All posts tagged: Staffordshire

Bard On Blore Heath – #DVersePoetics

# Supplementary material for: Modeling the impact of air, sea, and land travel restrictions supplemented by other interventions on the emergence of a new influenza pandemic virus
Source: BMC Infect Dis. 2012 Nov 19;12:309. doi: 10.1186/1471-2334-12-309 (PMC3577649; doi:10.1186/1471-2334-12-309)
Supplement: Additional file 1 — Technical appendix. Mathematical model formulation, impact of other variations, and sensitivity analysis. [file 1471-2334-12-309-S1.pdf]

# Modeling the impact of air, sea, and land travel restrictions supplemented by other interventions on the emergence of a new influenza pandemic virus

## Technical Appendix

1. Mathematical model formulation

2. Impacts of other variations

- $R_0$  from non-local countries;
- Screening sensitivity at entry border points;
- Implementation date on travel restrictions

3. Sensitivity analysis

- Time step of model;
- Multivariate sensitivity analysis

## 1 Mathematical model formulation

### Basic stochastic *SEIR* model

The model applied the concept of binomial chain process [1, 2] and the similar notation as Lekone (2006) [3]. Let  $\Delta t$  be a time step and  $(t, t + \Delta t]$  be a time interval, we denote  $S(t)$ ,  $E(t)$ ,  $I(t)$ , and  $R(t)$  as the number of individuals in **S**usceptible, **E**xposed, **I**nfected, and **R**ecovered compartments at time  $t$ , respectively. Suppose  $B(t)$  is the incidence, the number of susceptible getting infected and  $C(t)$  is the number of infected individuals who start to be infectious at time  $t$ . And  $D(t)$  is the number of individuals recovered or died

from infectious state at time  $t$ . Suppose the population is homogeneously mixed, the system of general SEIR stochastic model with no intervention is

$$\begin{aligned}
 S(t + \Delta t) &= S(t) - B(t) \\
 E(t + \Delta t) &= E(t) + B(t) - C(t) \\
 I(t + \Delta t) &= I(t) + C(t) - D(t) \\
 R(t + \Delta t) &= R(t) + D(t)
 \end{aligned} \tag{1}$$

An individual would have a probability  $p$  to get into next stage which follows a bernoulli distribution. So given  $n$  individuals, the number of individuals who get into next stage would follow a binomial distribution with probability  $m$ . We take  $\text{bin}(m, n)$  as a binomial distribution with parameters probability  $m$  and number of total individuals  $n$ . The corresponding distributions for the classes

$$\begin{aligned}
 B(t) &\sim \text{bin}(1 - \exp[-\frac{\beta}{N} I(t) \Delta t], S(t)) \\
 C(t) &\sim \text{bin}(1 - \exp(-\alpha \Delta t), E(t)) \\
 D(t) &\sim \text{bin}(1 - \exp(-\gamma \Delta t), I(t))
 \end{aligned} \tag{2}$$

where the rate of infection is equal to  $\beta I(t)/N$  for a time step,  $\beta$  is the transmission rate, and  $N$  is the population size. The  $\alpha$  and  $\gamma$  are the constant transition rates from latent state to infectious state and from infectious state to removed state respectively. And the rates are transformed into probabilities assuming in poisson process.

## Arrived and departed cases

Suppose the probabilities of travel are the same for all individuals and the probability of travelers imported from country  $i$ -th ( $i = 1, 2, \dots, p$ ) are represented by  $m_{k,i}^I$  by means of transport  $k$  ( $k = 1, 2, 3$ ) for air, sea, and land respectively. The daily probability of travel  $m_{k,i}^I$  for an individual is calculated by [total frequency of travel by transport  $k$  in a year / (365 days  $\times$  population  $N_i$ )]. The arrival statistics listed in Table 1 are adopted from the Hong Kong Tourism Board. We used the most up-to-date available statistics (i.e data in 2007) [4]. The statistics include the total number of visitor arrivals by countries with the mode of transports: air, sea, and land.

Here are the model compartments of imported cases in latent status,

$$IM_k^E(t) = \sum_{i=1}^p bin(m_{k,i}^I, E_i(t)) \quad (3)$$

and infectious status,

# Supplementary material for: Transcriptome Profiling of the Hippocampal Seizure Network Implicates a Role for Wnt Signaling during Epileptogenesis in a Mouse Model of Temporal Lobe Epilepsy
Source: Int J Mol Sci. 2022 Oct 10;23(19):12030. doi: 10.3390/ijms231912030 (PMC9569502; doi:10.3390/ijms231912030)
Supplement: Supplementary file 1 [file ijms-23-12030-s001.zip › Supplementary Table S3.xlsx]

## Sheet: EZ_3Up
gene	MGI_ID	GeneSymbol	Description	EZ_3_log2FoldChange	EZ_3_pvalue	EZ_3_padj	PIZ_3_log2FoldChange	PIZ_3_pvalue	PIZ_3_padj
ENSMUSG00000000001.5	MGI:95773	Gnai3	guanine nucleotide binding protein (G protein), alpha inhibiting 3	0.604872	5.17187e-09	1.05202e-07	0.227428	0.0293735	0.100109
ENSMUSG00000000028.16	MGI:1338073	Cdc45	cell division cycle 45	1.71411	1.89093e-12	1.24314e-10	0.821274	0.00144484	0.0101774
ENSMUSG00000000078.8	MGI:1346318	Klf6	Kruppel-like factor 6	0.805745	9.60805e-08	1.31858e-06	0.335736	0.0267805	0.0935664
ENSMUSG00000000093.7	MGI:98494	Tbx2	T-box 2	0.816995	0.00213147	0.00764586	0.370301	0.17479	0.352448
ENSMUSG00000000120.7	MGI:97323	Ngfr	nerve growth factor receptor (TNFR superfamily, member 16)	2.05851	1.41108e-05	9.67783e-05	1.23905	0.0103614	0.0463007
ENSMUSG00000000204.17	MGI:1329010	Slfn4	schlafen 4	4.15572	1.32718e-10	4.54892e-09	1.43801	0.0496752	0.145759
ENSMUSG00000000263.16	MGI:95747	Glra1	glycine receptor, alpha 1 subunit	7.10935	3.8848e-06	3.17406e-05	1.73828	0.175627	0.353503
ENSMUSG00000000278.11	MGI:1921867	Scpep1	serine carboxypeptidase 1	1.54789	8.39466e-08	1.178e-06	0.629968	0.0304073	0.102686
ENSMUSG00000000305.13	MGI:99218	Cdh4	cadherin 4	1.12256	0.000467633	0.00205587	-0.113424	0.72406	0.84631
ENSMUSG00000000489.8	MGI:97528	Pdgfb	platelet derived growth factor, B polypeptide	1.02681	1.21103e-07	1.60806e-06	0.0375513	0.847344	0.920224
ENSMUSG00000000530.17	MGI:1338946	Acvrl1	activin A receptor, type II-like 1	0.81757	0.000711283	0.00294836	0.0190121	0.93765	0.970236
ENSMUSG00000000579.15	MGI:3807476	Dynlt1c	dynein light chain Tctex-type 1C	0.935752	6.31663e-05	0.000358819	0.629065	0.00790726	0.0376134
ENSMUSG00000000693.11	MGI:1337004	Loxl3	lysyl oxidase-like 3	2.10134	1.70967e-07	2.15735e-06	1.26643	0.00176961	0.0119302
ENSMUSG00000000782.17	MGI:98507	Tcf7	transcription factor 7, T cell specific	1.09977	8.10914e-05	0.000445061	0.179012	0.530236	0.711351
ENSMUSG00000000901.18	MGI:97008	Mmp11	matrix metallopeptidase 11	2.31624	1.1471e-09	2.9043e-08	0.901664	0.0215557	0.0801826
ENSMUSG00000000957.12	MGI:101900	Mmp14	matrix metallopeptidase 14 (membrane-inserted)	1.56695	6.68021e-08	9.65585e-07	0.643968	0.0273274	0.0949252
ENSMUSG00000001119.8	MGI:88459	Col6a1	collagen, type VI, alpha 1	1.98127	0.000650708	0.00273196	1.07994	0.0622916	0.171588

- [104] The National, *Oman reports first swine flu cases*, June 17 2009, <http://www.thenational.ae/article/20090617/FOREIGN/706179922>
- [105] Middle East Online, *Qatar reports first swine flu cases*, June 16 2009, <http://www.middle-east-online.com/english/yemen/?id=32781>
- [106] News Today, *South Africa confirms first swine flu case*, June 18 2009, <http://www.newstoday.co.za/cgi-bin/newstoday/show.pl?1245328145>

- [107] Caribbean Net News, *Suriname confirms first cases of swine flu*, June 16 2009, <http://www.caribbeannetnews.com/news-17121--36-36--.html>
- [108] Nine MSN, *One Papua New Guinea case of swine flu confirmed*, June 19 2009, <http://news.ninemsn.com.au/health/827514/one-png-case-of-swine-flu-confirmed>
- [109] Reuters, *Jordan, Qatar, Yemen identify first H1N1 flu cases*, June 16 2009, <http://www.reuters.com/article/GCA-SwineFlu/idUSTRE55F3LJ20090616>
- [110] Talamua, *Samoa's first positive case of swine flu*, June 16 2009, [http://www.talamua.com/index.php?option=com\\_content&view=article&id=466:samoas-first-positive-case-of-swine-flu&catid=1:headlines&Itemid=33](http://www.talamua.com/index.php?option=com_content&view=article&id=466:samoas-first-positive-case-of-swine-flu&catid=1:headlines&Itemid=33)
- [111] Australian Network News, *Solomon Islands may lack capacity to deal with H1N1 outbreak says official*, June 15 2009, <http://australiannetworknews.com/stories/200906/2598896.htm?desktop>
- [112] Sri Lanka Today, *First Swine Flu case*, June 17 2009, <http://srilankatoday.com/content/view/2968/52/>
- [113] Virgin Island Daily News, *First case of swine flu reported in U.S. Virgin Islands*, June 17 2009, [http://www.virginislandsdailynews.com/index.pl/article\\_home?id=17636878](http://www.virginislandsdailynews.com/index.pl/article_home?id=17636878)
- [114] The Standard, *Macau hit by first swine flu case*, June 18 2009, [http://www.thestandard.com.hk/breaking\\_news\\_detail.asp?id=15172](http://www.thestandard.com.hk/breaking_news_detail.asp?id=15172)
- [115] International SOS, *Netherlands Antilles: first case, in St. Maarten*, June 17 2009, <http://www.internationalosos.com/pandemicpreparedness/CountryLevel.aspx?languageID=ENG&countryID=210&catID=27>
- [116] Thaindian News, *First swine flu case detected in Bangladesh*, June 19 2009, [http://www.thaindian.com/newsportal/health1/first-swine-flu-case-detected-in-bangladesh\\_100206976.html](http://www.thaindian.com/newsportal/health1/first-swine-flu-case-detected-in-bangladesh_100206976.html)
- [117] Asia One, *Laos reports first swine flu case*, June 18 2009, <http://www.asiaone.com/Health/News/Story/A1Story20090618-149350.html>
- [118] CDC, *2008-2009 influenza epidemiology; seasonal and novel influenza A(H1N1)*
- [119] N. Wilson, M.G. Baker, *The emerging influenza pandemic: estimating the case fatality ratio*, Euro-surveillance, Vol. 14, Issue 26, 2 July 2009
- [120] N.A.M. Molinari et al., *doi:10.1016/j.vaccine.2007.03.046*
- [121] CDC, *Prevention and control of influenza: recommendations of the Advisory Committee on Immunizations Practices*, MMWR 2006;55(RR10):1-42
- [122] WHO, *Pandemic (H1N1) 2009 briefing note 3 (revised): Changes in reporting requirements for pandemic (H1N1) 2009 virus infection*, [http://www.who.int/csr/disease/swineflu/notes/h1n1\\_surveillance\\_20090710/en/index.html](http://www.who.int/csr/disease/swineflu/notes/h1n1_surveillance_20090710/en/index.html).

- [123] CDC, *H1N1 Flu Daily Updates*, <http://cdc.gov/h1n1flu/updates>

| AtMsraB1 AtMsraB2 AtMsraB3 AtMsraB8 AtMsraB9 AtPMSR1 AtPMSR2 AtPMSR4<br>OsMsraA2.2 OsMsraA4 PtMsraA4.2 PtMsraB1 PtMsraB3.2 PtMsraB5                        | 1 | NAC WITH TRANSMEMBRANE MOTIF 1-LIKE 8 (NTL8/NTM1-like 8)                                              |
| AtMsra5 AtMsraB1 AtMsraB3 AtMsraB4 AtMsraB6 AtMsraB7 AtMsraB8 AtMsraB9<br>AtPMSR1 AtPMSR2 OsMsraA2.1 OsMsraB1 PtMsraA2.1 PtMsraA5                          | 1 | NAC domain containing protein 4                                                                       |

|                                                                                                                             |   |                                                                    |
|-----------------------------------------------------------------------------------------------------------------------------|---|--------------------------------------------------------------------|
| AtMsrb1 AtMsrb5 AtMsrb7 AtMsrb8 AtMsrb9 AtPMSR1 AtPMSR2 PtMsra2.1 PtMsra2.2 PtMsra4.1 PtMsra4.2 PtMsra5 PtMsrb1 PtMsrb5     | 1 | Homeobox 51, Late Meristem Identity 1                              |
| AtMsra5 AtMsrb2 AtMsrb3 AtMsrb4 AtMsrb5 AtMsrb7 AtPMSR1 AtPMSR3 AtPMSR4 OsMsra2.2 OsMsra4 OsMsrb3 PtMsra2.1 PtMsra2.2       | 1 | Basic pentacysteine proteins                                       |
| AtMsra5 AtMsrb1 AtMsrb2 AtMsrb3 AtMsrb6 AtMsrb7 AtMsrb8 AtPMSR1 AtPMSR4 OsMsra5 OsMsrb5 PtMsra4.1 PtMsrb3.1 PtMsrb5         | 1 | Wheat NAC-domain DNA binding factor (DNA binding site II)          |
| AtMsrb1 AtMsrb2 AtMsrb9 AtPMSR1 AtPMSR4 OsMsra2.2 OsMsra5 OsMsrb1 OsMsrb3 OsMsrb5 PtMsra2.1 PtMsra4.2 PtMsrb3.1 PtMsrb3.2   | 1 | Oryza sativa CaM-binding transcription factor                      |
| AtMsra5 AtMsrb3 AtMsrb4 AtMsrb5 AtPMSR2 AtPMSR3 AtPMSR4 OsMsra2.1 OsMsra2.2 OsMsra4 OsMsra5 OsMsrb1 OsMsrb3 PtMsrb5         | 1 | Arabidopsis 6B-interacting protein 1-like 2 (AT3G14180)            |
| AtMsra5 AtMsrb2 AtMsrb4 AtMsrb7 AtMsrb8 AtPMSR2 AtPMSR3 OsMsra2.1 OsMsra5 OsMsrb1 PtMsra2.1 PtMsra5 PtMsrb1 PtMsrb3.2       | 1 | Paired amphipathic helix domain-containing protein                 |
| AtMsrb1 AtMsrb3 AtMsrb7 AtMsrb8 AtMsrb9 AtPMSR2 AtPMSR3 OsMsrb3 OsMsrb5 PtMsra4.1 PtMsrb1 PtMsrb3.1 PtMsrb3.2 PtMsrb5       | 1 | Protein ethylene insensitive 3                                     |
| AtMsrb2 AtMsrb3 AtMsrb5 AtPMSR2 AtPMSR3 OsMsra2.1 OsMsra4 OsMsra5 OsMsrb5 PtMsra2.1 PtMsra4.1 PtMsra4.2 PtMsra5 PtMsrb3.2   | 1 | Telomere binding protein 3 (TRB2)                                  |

One paragraph for all the lost bodies, somewhere still beneath dirt and grass and the slow trundle of grazing cattle meandering, one fence line to another.   Musket balls get plucked up on odd days, rolled across a palm like a marble, dropped into a Tupperware tub, they outlasted the bones and flesh.   A field with five hundred years to forget yet the calf gets sick with lead loses its eyesight to a pellet from a gun fired half a century before.   History reaches past its paragraph of three thousand nameless men. Another misery of litter leftover once the war was done. Following tonight’s theme of smoke and mirrors, and feeling like the older you get, the less you actually know, I started thinking about how we learn about the history of warfare in schools. There’s a disconnect between the modern day and its wars, and battles such as the one at Bloor Heath* in Staffordshire where around three thousand men are thought to have died in the fighting. It’s easy to look …